What No. 13 Baylor has to do with Georgia Tech, Geoff Collins

Head coach Matt Rhule of the Baylor University Bears grins as he heads onto the field after beating the Oklahoma State Cowboys on October 19, 2019 at Boone Pickens Stadium in Stillwater, Oklahoma. Baylor stayed undefeated with a 45-27 road win. (Photo by Brian Bahr/Getty Images)

Even as his team has reached 9-1 and has climbed the polls, Baylor coach Matt Rhule has kept an eye on Georgia Tech. Rhule has no particular affinity for the school itself, but is close friends with Yellow Jackets coach Geoff Collins.

The two have been friends for a little more than 20 years, having first met on the coaching staff at Division III Albright College in Pennsylvania. The two worked again at Western Carolina and communicate frequently.

While football coaches are notorious for maintaining tunnel vision and ignoring all teams but their own, Rhule knows a bit about the Jackets.

“They lose to The Citadel but then they come back and beat Miami,” Rhule told the AJC in a Monday phone interview. “That just shows me that he’s building a culture there of competition. And the success that they’ll have in three years will have been borne out of the strife of this season.”

Rhule has firsthand familiarity with the type of strife that has accompanied the Jackets this fall. In 2017, Rhule was laboring through a 1-11 season at Baylor in his first season there after taking Temple from 2-10 in 2013 to back-to-back 10-win seasons in 2015-16. (Collins succeeded Rhule at Temple.)

At least superficially, the comparisons with Tech’s many challenges are easy to draw. Under a new coach, Baylor lost to its own FCS opponent (Liberty) and lost seven games by double digits, three by 20 or more.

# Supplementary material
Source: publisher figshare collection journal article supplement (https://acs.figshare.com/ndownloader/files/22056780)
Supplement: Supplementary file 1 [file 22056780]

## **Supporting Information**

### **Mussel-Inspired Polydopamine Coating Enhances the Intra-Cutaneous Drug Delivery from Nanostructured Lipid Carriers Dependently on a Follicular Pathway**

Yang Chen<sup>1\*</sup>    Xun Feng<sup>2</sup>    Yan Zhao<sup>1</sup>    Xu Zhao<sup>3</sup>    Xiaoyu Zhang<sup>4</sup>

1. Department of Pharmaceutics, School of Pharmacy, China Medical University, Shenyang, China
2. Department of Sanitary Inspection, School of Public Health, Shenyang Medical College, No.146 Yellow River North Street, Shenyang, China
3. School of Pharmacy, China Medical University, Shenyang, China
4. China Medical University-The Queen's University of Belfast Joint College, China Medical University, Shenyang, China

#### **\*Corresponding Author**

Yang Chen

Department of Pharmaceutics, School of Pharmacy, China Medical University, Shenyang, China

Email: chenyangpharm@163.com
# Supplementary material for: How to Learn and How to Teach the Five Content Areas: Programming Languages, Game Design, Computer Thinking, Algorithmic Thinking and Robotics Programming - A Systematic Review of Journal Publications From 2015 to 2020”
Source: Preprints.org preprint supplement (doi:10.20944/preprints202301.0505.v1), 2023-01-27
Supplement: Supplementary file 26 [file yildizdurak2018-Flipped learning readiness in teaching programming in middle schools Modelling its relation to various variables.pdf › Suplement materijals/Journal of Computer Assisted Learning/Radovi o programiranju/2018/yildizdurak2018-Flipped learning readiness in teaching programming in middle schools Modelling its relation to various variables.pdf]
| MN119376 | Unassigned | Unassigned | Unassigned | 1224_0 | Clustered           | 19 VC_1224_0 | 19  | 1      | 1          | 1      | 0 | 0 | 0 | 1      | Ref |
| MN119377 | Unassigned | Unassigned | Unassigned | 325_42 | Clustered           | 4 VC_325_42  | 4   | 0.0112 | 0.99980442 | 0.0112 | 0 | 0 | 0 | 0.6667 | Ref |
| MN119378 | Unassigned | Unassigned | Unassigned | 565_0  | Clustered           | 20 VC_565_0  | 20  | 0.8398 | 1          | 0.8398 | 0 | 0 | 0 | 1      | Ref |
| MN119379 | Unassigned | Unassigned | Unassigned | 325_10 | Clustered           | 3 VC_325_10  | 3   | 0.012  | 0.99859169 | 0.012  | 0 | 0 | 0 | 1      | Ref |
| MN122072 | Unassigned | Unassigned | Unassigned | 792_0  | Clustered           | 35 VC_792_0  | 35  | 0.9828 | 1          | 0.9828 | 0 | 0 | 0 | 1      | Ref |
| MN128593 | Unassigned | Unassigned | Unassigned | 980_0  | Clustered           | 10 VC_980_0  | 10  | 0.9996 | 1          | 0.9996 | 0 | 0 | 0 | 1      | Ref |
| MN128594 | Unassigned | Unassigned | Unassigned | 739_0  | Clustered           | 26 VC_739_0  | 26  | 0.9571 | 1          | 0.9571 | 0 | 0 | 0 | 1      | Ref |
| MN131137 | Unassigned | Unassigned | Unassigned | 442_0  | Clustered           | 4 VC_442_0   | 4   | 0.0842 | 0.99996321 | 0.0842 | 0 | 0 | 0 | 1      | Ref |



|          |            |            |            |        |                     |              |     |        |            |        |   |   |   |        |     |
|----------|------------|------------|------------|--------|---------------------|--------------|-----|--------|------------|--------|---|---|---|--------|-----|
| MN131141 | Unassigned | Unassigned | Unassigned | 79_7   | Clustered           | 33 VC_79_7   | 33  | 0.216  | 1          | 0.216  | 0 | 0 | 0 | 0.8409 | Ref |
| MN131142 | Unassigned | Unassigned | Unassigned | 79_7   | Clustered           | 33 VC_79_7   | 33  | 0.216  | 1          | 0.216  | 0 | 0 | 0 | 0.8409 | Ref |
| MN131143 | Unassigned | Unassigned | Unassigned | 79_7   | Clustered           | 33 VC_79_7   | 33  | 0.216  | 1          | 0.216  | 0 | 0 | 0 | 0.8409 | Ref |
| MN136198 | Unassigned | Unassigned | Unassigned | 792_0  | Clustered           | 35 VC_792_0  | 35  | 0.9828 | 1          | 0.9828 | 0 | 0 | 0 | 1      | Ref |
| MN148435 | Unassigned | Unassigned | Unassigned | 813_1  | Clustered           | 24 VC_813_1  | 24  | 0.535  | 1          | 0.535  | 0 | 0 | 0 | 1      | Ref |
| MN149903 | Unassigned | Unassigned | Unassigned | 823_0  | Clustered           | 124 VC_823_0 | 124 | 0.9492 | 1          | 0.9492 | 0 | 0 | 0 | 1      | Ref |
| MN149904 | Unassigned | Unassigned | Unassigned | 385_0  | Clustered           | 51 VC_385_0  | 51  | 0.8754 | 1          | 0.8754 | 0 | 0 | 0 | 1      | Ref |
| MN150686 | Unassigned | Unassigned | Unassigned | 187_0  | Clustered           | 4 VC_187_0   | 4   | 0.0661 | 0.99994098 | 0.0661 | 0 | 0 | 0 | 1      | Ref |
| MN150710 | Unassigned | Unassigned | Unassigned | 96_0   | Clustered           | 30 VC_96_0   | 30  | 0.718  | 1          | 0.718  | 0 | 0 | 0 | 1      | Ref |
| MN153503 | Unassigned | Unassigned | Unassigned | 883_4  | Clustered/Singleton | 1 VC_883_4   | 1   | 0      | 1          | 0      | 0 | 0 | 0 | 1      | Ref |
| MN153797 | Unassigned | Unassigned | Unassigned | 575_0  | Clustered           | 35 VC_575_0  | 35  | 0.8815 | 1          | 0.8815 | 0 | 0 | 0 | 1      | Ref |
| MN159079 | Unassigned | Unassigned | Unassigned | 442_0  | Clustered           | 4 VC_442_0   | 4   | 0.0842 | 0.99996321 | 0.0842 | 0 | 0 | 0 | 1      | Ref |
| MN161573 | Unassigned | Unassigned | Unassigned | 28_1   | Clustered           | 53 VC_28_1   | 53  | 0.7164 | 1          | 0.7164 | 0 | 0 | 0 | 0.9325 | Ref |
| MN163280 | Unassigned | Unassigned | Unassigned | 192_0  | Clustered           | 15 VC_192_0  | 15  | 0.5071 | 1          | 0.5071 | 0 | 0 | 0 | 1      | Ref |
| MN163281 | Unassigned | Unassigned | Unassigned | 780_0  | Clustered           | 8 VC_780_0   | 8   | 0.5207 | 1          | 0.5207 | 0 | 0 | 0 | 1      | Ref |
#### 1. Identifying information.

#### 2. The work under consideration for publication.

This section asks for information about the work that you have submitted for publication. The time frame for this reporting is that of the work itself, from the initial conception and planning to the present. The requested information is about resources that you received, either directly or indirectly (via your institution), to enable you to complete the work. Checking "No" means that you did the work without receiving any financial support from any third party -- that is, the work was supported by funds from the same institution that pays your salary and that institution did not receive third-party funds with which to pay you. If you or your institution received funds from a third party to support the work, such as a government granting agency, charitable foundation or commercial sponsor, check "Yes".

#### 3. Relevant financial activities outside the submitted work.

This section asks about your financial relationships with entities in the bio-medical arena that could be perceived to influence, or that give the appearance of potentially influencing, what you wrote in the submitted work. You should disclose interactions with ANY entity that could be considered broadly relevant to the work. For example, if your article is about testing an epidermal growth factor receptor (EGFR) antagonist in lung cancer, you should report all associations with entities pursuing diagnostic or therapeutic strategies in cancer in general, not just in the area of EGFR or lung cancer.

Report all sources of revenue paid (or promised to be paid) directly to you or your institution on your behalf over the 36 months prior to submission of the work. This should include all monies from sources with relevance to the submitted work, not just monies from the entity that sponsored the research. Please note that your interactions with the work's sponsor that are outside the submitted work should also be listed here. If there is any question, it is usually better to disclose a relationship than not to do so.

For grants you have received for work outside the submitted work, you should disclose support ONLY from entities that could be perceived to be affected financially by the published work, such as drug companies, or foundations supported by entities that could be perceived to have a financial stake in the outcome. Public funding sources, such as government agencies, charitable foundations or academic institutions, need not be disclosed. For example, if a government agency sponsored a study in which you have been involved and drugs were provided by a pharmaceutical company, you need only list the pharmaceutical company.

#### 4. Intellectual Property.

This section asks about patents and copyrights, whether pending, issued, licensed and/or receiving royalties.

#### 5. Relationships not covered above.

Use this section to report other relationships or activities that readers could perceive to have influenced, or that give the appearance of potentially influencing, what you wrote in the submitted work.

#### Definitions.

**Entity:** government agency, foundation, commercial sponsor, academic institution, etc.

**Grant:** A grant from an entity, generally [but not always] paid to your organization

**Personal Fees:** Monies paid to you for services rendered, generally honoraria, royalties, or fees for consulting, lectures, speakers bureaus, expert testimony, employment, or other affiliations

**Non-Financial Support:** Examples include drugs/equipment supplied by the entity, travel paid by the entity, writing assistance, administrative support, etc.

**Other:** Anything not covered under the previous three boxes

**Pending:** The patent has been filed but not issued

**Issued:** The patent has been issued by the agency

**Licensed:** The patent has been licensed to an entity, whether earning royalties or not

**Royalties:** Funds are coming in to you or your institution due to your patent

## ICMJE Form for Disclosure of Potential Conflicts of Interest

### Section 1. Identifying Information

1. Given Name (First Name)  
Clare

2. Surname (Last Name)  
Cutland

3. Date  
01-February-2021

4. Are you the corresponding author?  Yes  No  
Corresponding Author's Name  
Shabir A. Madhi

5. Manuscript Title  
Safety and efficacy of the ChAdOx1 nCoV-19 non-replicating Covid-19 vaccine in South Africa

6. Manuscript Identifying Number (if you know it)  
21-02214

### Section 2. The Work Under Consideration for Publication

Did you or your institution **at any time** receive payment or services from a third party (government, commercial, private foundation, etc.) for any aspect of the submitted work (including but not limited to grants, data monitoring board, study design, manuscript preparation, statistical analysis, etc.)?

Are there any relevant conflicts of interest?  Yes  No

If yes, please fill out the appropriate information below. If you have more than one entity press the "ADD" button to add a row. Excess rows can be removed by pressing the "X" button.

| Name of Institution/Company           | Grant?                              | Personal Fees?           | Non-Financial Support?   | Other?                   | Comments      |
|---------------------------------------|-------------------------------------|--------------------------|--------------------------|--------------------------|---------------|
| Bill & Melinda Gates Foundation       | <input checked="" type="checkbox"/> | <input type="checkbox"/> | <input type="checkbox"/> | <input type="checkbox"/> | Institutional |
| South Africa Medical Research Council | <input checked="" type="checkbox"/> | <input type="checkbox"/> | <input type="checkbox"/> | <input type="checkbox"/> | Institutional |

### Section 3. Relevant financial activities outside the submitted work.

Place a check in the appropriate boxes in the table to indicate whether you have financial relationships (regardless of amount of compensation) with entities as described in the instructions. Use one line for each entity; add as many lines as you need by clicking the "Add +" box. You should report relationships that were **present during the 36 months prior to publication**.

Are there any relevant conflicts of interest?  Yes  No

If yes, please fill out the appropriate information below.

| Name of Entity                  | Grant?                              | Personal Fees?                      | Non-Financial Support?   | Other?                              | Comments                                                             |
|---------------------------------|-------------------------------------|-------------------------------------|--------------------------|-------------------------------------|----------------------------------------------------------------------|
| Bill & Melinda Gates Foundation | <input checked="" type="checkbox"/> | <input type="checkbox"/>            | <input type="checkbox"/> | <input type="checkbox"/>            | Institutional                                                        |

“That being said, now that we’re 9-1 and ranked in the top 25 and all those things, I always remind our guys that the success we’re having now was borne out of the adversity that happened from that first year,” said Rhule, whose Bears are ranked 13th nationally and nearly entered the College Football Playoff conversation before a heartbreaking defeat to Oklahoma this past Saturday.

In recalling his first season at Baylor, as well as at Temple in 2013, Rhule said he was guided by a perspective similar to the one that Collins has espoused at Tech.

“You obviously want to go out and win every game, but to me, it’s about establishing the foundation of how you’re going to do things,” Rhule said. “It’s about the process, it’s about how you practice. It’s about how you prepare. It’s about, really, as a team, what the locker room’s like. And then you have to recruit, recruit, recruit.”

In 2018, Rhule’s second season, Baylor was picked to finish ninth in the 10-team Big 12, but finished 7-6 overall and 4-5 in the league, good for a tie for fifth place.

After 2017, “we kind of had that process in place and that allowed us the next year to get to bowl eligibility and win seven games,” Rhule said.